In a first embodiment, the method implies measuring the fluid pressure at the upstream end and measure the fluid velocity at the downstream end and include these measurements in the boundary conditions. For example, the method implies measuring the fluid velocity at the upstream end, and calculating on the basis of the pressure distribution in the tube section the expected fluid velocity at the upstream end, and comparing the measured fluid velocity and the expected fluid velocity at the upstream end as part in an evaluation procedure for the validity of the pressure calculation.
In a second embodiment, the method implies measuring the fluid velocity at the upstream end and wherein the boundary conditions include the measured fluid velocity at the upstream end and an estimated pressure at the downstream end. For example, the method implies measuring the fluid velocity at the downstream end, and calculating on the basis on the pressure distribution in the tube section the expected fluid velocity at the downstream end, and comparing the measured fluid velocity and the expected fluid velocity at the downstream end as part in an evaluation procedure for the validity of the pressure calculation.
In a third embodiment, the method implies using the derived longitudinal pressure distribution achieved by either the first or second embodiment as a boundary condition for calculating stresses and deformations in cross-sectional 2D models corresponding to the available image scans, for example MRI scans. Though both the first and second embodiments may be used for longitudinal pressure calculations it would be preferable for the second embodiment to be used to this method's inherent greater accuracy.
Advantageously, the method implies a comparison of the calculated deformations in cross-sectional 2D models with provided cross-sectional scans of the tube section, where the scans depict actual deformations in different cross sectional planes. By comparing the calculated cross sectional deformation with the actual deformation, validation of the chosen tissue parameters can be performed and the accuracy of the simulation can be checked. Preferably, the scans are dynamical scans, however, another possibility is pulsed scans at maximum blood pressure for maximum deformation. In addition, for blood vessels, MRI scans are preferred, however, other scanning methods are also possible, for example ultrasound or X-ray.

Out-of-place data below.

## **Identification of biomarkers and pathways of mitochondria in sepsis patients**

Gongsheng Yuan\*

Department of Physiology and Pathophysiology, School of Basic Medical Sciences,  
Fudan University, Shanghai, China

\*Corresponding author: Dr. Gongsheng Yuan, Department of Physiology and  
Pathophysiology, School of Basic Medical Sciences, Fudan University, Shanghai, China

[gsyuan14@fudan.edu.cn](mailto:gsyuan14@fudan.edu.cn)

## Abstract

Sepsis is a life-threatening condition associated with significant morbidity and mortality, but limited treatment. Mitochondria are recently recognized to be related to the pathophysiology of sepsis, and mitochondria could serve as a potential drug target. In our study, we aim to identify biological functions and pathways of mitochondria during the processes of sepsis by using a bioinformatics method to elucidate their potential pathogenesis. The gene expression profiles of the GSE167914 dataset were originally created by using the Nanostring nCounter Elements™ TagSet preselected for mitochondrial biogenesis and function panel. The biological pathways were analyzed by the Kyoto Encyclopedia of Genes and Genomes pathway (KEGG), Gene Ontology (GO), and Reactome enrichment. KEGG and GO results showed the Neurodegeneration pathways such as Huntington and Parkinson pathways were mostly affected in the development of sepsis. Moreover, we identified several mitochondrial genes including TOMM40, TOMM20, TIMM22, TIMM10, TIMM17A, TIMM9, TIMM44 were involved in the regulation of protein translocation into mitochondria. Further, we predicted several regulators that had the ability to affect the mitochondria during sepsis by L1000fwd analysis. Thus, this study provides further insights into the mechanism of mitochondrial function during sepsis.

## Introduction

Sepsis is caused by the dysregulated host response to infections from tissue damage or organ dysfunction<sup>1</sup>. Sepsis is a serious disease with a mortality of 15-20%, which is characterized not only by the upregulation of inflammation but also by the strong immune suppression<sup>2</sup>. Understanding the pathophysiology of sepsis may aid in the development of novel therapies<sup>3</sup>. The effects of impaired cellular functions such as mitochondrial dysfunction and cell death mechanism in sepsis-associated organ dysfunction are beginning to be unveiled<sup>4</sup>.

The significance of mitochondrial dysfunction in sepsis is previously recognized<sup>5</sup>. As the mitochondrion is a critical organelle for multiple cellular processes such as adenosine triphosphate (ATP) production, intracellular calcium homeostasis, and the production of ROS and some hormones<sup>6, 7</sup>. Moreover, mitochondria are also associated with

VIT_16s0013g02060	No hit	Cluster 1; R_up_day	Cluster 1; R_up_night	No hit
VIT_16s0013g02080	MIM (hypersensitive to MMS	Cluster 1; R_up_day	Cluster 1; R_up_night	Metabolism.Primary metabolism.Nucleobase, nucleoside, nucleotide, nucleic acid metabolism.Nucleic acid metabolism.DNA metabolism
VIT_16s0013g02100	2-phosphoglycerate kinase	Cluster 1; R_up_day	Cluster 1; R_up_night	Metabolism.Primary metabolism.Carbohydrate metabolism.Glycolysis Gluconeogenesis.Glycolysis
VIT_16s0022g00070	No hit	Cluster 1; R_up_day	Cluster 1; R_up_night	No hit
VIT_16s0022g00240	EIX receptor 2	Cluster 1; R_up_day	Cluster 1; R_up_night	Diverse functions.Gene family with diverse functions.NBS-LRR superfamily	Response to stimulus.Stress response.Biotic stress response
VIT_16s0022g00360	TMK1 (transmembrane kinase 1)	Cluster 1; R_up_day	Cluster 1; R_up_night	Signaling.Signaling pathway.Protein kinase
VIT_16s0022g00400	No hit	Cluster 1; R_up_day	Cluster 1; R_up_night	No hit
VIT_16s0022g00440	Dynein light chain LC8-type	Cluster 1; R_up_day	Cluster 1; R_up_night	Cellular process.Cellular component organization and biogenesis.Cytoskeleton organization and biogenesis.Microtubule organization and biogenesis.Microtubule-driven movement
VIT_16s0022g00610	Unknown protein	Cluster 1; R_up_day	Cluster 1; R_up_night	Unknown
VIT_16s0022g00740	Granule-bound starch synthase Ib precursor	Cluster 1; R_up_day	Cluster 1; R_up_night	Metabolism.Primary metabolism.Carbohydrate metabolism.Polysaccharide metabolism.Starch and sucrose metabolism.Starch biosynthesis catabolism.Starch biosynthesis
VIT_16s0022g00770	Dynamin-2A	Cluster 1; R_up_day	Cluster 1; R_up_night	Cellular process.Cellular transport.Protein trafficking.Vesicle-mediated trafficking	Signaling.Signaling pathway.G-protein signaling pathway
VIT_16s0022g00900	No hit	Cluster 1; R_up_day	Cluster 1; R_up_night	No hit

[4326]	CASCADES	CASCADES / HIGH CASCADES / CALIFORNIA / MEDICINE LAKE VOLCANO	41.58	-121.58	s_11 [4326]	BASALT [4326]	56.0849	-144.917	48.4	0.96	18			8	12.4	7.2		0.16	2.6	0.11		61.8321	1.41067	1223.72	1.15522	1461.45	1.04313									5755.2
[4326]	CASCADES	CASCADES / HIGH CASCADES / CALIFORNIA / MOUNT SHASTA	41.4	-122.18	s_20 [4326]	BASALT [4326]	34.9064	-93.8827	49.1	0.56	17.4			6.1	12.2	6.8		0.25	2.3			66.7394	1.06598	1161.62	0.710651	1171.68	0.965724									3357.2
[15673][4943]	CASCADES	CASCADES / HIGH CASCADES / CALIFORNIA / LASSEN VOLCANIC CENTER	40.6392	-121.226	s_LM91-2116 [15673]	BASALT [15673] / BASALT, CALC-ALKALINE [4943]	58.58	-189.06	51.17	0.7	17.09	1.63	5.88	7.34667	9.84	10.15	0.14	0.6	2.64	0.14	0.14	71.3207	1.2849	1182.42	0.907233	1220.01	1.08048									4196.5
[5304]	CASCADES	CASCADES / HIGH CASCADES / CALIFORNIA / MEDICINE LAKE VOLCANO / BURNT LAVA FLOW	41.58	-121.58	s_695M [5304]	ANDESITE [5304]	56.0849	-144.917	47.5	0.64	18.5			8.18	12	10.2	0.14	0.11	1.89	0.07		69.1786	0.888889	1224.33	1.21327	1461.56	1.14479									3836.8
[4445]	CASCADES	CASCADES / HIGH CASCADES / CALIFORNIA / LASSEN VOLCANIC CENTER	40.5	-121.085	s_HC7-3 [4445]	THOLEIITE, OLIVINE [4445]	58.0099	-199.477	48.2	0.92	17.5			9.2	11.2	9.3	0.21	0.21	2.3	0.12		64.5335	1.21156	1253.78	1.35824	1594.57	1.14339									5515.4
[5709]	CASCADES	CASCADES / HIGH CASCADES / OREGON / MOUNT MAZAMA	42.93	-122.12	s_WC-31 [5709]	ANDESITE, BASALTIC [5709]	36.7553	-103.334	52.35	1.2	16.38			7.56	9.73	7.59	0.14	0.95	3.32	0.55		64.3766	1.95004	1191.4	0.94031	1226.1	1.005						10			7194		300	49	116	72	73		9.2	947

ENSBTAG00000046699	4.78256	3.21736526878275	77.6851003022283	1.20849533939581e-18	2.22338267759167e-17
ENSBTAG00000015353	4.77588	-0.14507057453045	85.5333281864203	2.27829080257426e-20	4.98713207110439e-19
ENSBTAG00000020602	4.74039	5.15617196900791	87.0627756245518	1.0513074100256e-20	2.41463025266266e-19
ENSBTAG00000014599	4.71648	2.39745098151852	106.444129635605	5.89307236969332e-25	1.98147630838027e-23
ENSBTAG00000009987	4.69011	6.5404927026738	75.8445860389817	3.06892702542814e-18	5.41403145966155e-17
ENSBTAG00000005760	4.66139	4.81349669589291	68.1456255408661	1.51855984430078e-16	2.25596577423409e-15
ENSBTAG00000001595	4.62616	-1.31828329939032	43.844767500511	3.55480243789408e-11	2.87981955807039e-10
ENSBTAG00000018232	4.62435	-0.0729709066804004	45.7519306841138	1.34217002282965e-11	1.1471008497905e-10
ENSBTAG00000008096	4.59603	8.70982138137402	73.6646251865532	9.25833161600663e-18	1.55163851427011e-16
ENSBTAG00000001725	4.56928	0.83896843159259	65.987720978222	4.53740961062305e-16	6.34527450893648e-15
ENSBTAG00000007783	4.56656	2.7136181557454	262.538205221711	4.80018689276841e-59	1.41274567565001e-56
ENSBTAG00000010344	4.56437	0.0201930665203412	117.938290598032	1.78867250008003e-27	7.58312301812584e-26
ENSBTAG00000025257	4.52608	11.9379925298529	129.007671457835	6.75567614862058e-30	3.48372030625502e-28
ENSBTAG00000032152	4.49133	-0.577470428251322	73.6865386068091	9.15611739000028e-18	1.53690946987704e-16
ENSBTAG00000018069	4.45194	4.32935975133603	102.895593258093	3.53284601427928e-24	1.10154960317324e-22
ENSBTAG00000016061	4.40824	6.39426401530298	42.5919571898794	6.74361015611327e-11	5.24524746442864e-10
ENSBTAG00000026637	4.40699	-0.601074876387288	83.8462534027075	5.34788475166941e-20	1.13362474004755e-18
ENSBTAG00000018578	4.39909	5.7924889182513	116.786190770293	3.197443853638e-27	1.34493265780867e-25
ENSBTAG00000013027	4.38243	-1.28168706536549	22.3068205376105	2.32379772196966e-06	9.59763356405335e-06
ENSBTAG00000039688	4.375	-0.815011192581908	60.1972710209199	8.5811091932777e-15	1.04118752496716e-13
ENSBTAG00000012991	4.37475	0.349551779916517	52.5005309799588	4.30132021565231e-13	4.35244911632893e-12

As in the case of atherosclerotic plaques in blood vessels or in cases where other kinds of material deposit lumps are found on the inner wall of the tube section obstructing part of a flow path of the fluid in the tube section, the method comprises calculating the forces on the surface of the lump on the basis of the pressure in the tube section at the location of the lump and on the basis of the fluid stream through the section. The calculated forces are then used to perform computer calculations for the deformation of the tube wall due to pressure on the lump. As part in an evaluation procedure for the validity of the applied mechanical parameters this deformation can be correlated with in situ measurements in cross-sectional planes.
As in the case of atherosclerotic plaques in blood vessels, the lump has a cap, and in a further step, the method implies calculating the stress on the cap on the basis of the pressure and the flow of the fluid. The calculated stresses can be assigned to both longitudinal sections and/or cross-sectional planes.
In a practical embodiment, the method comprises the finding of centre points for the fluid stream in the 3D image and calculating a 2D sectional cut through these centre points. Such a cut may not be a straight plane in the case where the tube is bent, as the plane in this case is bent in order to follow the stream. In order to facilitate the calculation, this can be overcome by projecting the image cut onto a straight plane before the calculation of the fluid pressure distribution.
The finding of the centre points may be performed automatically by centroid evaluation functions, however, very good results have been obtained by finding the centre points in the tube section in a manual selection process. In the case that the tube section, for example the blood vessel has a flow divider, which is a usual case, the centre points are found in all arms of the tube section, and a 2D sectional cut is calculated through all centre points.
In the case of blood vessels, the preferred imaging modality is magnetic resonance imaging (MRI), and the method involves measuring the velocity of the fluid in the upstream end or in the downstream end or in both by phase contrast MRI scans. In general the approach applies to any technique capable of acquiring 3D images.
In the following, a semi-automated method of creating longitudinal 2D Fluid Structure Interaction (FSI) models from MRI scans is presented. As shown, this allows simulations of longitudinal stress distributions and blood pressure levels, enables predictions of plaque rupture risk and illustrates the correlations between local stress variation and morphology.